Carr (whom I employed six years ago at is a quirky, entertaining, singular writer. I was pleasantly surprised when the paper of record hired and then promoted him to media columnist. But I was flabbergasted when they gave him a movie-awards blog (the Carpetbagger) and—the Times!—let him invent a weekly Web-video spot as a goofy man-on-the-street and celebrity-on-the-red-carpet interviewer. He’s produced three dozen so far.

There’s nothing else like them in mainstream media. He is preternaturally perfect for the Web—a friendly, wisecracking 50-year-old character with a Minnesota rasp, the very opposite of self-serious. His years at alternative weeklies make him “predisposed to try whatever. ‘Video would be nice,’ they said,” when the blog started. “And I thought, In for a penny, in for a pound. I said, ‘I’ll go around in Times Square and hop around like an idiot and that should be sufficient.’ ” His videos are an alt version of the Today show out in Rockefeller Plaza, or as if Tom Waits had Ryan Seacrest’s job.

“This isn’t TV,” Carr says, “this is Web TV—that’s what we always say when we go out to make it.” Does he … prepare, hit marks? “Nothing. Ever. The first take is almost always the take.”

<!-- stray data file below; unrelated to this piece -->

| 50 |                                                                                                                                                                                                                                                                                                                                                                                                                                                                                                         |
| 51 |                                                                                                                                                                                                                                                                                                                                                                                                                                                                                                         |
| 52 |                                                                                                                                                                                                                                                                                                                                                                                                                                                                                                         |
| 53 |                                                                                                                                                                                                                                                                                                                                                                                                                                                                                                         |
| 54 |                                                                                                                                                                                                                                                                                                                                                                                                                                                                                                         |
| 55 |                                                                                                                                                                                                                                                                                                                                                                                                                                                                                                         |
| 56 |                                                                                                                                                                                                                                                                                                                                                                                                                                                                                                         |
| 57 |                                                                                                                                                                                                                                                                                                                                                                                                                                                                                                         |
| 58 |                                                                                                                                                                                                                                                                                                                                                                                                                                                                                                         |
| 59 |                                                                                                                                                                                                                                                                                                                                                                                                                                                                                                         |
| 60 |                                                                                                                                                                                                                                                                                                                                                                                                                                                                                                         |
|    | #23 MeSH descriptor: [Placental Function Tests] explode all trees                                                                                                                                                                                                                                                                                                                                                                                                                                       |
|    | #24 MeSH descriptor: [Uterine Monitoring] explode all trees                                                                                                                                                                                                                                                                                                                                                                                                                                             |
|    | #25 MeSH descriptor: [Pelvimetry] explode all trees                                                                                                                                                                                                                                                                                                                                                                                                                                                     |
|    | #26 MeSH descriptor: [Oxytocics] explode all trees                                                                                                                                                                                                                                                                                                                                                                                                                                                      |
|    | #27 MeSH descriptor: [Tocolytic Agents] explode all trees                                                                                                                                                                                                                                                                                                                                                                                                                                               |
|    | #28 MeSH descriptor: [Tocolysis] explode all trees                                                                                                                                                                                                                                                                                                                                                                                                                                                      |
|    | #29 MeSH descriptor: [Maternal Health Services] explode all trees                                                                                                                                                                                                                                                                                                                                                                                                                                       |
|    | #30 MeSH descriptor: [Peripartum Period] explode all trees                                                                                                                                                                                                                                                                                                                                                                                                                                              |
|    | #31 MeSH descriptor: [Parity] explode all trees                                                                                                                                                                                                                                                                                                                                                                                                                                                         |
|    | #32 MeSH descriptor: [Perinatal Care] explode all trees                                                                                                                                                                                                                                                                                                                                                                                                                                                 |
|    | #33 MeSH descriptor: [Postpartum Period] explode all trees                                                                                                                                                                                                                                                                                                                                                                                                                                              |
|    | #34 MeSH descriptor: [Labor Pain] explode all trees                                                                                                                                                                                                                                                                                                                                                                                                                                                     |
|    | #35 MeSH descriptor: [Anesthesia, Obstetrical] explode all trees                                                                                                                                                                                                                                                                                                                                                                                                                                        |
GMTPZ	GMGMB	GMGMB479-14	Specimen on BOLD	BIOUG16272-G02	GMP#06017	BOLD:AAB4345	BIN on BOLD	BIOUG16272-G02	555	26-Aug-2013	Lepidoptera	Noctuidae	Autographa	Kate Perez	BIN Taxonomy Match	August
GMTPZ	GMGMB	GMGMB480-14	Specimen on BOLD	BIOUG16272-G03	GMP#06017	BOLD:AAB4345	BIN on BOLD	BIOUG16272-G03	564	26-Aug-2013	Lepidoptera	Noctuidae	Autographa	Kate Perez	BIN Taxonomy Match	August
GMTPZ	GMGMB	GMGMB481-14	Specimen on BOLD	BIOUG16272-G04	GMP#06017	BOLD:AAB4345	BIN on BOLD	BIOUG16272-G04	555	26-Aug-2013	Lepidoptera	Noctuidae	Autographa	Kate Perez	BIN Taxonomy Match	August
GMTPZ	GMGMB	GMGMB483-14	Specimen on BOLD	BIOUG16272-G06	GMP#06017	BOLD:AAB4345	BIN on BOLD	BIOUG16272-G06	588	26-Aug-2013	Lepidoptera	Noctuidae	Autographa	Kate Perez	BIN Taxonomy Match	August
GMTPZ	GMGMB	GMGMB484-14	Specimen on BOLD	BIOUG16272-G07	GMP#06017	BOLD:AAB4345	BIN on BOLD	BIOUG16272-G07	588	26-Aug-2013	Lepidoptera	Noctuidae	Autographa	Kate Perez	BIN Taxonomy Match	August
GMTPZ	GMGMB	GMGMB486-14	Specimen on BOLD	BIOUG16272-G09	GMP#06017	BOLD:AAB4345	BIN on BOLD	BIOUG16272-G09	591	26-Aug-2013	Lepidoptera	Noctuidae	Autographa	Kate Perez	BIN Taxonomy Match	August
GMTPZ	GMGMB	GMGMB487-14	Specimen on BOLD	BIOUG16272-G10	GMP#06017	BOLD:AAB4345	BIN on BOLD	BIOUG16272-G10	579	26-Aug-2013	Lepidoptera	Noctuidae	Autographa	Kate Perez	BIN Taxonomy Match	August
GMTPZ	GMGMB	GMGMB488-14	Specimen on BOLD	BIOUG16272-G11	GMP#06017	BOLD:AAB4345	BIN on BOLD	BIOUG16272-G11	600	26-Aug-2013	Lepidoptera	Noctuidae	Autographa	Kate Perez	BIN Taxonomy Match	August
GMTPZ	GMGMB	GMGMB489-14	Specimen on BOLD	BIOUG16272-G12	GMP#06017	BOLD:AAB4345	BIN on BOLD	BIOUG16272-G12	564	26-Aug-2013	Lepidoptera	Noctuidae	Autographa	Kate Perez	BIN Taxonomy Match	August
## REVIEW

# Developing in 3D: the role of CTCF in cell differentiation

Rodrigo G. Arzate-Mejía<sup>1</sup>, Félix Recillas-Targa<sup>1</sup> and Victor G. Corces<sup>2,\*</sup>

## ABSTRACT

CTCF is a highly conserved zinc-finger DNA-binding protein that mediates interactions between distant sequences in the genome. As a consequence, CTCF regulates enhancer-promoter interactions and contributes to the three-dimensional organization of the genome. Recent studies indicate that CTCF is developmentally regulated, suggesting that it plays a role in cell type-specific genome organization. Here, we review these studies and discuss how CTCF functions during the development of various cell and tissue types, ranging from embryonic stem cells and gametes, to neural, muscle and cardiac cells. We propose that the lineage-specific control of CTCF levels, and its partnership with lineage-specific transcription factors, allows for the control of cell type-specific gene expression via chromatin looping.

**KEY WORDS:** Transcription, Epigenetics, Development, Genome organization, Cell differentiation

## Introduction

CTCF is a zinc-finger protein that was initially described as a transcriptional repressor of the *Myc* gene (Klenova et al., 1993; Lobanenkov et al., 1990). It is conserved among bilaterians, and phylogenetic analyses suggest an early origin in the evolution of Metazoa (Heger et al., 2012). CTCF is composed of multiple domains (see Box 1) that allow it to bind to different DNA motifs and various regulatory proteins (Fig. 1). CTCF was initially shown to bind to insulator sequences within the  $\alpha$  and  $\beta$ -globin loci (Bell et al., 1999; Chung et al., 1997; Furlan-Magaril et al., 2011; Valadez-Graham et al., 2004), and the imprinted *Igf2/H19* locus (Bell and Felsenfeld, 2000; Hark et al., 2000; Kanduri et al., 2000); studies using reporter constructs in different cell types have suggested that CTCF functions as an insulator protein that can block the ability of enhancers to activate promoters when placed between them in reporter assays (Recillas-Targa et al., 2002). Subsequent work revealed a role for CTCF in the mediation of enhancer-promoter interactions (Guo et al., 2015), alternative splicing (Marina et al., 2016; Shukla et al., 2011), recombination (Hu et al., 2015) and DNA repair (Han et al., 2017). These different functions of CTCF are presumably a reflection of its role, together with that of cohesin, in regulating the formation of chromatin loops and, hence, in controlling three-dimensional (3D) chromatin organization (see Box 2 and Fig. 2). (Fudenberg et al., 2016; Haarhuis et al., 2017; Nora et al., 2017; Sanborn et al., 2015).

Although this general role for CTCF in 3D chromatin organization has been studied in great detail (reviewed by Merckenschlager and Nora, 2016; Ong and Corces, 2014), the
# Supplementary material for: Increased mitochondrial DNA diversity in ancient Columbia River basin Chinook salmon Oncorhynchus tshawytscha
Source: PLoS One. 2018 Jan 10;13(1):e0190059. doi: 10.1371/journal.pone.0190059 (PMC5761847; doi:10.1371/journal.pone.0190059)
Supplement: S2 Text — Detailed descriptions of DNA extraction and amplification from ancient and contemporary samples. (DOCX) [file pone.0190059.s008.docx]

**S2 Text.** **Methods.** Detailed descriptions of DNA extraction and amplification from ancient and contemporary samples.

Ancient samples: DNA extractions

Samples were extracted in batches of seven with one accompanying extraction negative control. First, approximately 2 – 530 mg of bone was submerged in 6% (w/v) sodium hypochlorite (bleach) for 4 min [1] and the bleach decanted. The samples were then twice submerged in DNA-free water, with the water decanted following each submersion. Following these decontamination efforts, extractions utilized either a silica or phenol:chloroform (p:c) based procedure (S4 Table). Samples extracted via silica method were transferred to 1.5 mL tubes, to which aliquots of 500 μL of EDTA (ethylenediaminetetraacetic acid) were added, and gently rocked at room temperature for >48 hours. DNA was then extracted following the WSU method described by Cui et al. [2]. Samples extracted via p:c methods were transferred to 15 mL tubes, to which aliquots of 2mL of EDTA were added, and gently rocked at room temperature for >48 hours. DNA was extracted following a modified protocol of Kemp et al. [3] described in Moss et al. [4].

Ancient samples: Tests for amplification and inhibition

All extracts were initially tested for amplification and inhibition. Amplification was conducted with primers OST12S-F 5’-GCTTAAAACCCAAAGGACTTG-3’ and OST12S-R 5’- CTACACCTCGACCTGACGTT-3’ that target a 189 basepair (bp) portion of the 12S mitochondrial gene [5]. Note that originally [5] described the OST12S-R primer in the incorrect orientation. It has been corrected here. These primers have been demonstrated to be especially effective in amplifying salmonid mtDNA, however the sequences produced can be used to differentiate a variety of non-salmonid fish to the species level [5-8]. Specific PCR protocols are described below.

Outside the SAG Awards, he went to talk to the throng, “and I turned to the [camera] guy and said, ‘Follow me.’ There was a low velvet rope, and I tripped, almost fell down. I really think that’s part of what people want. They want to see the process. That’s what gives me joy. The mistakes being part of the narrative. It’s about a journalist being out of his depth, making sure the wires are not only visible but crossed.”

For one video, he asked colleagues about the Oscars, and went unannounced into the office of the executive editor. In a broad aside to the camera, with his boss sitting in the background, he said, “We’re here in the office of Bill Keller, who will seem like a real nice, friendly guy. [But] one false move during this interview, and he’ll snap my career in half like a twig.”

Last year at a staff meeting about the future of the Times, Arthur Sulzberger Jr., the publisher, showed a Carpetbagger clip. Carr says, “I could just see people going, ‘This is “the plan”? Some homeless guy in Times Square?’ But Arthur,” he says, semi-ironically, “is part of my fan base.”

I asked Carr if he planned to extend his video brief beyond movies. “Yes,” he answered emphatically. “Given the direction of the New York Times, me and a bunch of other people will.”